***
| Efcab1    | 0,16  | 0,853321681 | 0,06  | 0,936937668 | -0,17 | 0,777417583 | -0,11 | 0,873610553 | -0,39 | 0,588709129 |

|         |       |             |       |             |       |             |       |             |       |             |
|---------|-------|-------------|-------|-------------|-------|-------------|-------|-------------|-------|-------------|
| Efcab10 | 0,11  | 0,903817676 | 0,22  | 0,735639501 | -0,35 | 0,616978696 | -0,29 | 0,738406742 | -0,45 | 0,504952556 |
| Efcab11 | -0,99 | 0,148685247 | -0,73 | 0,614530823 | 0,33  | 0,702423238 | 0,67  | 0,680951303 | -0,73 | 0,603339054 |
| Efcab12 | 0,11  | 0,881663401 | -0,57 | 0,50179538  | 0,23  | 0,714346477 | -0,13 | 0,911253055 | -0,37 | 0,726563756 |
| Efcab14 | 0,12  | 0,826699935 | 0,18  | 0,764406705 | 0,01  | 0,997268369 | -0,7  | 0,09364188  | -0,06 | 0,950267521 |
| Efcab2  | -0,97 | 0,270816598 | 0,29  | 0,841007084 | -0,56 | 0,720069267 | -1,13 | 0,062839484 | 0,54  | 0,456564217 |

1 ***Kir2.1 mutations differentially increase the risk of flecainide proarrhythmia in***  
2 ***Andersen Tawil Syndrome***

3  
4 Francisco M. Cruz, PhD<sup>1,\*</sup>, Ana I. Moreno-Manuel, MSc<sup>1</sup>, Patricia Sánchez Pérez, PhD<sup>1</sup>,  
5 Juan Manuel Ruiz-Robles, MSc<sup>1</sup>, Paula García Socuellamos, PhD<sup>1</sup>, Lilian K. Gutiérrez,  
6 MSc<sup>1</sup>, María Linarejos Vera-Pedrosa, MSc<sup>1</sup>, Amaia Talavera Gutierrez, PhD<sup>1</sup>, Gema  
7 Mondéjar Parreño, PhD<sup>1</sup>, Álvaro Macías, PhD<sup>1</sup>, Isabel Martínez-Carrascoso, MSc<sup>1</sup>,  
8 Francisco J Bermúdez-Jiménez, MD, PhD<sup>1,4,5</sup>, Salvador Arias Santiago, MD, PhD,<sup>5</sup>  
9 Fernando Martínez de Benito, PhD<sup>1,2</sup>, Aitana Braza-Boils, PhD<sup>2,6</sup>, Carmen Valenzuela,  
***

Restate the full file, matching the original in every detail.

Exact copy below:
| Efcab1    | 0,16  | 0,853321681 | 0,06  | 0,936937668 | -0,17 | 0,777417583 | -0,11 | 0,873610553 | -0,39 | 0,588709129 |

|         |       |             |       |             |       |             |       |             |       |             |
|---------|-------|-------------|-------|-------------|-------|-------------|-------|-------------|-------|-------------|
| Efcab10 | 0,11  | 0,903817676 | 0,22  | 0,735639501 | -0,35 | 0,616978696 | -0,29 | 0,738406742 | -0,45 | 0,504952556 |
| Efcab11 | -0,99 | 0,148685247 | -0,73 | 0,614530823 | 0,33  | 0,702423238 | 0,67  | 0,680951303 | -0,73 | 0,603339054 |
| Efcab12 | 0,11  | 0,881663401 | -0,57 | 0,50179538  | 0,23  | 0,714346477 | -0,13 | 0,911253055 | -0,37 | 0,726563756 |
| Efcab14 | 0,12  | 0,826699935 | 0,18  | 0,764406705 | 0,01  | 0,997268369 | -0,7  | 0,09364188  | -0,06 | 0,950267521 |
| Efcab2  | -0,97 | 0,270816598 | 0,29  | 0,841007084 | -0,56 | 0,720069267 | -1,13 | 0,062839484 | 0,54  | 0,456564217 |

1 ***Kir2.1 mutations differentially increase the risk of flecainide proarrhythmia in***  
2 ***Andersen Tawil Syndrome***

3  
4 Francisco M. Cruz, PhD<sup>1,\*</sup>, Ana I. Moreno-Manuel, MSc<sup>1</sup>, Patricia Sánchez Pérez, PhD<sup>1</sup>,  
5 Juan Manuel Ruiz-Robles, MSc<sup>1</sup>, Paula García Socuellamos, PhD<sup>1</sup>, Lilian K. Gutiérrez,  
6 MSc<sup>1</sup>, María Linarejos Vera-Pedrosa, MSc<sup>1</sup>, Amaia Talavera Gutierrez, PhD<sup>1</sup>, Gema  
7 Mondéjar Parreño, PhD<sup>1</sup>, Álvaro Macías, PhD<sup>1</sup>, Isabel Martínez-Carrascoso, MSc<sup>1</sup>,  
8 Francisco J Bermúdez-Jiménez, MD, PhD<sup>1,4,5</sup>, Salvador Arias Santiago, MD, PhD,<sup>5</sup>  
9 Fernando Martínez de Benito, PhD<sup>1,2</sup>, Aitana Braza-Boils, PhD<sup>2,6</sup>, Carmen Valenzuela,  